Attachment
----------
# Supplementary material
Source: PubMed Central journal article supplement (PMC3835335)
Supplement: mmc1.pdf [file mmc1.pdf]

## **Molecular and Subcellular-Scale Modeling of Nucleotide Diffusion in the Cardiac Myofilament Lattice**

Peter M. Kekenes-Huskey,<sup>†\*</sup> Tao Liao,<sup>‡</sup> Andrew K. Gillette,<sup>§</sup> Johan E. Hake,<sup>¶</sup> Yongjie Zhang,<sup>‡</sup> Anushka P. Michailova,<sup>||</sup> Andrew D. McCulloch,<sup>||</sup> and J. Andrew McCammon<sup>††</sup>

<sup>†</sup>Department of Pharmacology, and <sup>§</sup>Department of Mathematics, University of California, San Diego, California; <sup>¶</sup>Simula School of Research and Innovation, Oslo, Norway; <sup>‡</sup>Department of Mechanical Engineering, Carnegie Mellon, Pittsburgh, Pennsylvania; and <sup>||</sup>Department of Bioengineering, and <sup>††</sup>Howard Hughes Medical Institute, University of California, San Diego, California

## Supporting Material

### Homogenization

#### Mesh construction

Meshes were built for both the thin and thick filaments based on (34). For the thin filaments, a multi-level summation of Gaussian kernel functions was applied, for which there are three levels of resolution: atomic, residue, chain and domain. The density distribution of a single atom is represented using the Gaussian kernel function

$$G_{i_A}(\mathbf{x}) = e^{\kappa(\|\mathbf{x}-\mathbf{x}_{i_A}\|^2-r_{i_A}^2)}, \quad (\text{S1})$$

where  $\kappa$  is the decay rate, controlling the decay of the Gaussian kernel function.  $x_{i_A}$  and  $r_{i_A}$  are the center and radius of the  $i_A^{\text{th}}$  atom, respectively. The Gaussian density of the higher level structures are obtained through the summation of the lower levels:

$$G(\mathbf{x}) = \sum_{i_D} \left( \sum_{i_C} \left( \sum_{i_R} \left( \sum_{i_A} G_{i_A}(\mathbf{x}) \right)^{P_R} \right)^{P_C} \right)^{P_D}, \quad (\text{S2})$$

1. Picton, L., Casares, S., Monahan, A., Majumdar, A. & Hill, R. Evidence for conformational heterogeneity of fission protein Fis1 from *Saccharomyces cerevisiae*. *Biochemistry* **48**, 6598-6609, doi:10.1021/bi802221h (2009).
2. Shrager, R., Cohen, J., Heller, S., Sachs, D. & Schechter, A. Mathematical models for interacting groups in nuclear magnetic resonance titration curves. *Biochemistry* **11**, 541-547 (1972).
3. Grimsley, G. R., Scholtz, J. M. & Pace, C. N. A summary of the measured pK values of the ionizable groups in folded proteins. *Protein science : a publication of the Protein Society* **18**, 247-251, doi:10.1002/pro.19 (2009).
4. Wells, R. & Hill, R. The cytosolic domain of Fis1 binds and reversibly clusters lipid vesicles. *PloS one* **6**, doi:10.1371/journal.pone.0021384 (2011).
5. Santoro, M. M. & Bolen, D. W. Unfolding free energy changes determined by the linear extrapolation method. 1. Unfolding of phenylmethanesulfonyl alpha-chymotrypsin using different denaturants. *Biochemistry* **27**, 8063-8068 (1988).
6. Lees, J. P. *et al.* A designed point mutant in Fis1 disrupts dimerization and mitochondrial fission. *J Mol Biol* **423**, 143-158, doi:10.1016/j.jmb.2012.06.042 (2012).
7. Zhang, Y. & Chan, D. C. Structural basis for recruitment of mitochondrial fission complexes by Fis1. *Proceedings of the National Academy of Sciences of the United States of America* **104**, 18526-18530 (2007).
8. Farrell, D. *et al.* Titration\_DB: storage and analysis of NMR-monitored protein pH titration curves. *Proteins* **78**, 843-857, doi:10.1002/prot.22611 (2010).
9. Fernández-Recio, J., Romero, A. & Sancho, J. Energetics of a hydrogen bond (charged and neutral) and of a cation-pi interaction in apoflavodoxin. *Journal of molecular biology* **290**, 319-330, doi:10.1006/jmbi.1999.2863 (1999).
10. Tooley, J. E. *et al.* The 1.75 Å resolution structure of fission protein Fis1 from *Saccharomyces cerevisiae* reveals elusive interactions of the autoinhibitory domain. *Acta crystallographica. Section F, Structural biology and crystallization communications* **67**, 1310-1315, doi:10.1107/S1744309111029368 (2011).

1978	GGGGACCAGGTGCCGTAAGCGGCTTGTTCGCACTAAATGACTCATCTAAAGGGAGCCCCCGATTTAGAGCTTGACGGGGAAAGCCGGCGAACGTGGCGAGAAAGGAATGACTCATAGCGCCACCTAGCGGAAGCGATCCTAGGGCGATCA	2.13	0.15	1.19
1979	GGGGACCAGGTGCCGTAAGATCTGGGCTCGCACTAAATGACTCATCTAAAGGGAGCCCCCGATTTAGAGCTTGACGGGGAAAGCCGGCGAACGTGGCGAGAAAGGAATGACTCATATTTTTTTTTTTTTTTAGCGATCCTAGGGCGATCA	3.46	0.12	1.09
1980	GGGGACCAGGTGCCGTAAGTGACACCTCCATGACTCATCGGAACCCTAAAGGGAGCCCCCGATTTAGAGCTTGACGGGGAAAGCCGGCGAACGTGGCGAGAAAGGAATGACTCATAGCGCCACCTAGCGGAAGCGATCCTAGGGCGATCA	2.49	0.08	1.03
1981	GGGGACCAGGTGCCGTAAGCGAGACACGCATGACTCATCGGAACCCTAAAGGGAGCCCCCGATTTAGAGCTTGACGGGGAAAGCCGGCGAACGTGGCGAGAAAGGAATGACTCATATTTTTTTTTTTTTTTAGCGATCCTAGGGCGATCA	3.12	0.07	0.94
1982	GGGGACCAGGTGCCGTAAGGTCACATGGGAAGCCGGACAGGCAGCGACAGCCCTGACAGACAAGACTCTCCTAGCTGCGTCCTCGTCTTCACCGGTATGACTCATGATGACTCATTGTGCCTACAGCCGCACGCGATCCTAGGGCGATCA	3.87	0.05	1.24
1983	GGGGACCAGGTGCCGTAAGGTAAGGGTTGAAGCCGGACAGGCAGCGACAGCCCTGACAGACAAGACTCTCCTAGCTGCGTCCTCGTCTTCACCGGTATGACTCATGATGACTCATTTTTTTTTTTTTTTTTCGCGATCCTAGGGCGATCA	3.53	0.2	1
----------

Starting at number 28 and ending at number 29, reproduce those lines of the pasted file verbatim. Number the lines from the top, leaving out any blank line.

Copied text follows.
1982	GGGGACCAGGTGCCGTAAGGTCACATGGGAAGCCGGACAGGCAGCGACAGCCCTGACAGACAAGACTCTCCTAGCTGCGTCCTCGTCTTCACCGGTATGACTCATGATGACTCATTGTGCCTACAGCCGCACGCGATCCTAGGGCGATCA	3.87	0.05	1.24
1983	GGGGACCAGGTGCCGTAAGGTAAGGGTTGAAGCCGGACAGGCAGCGACAGCCCTGACAGACAAGACTCTCCTAGCTGCGTCCTCGTCTTCACCGGTATGACTCATGATGACTCATTTTTTTTTTTTTTTTTCGCGATCCTAGGGCGATCA	3.53	0.2	1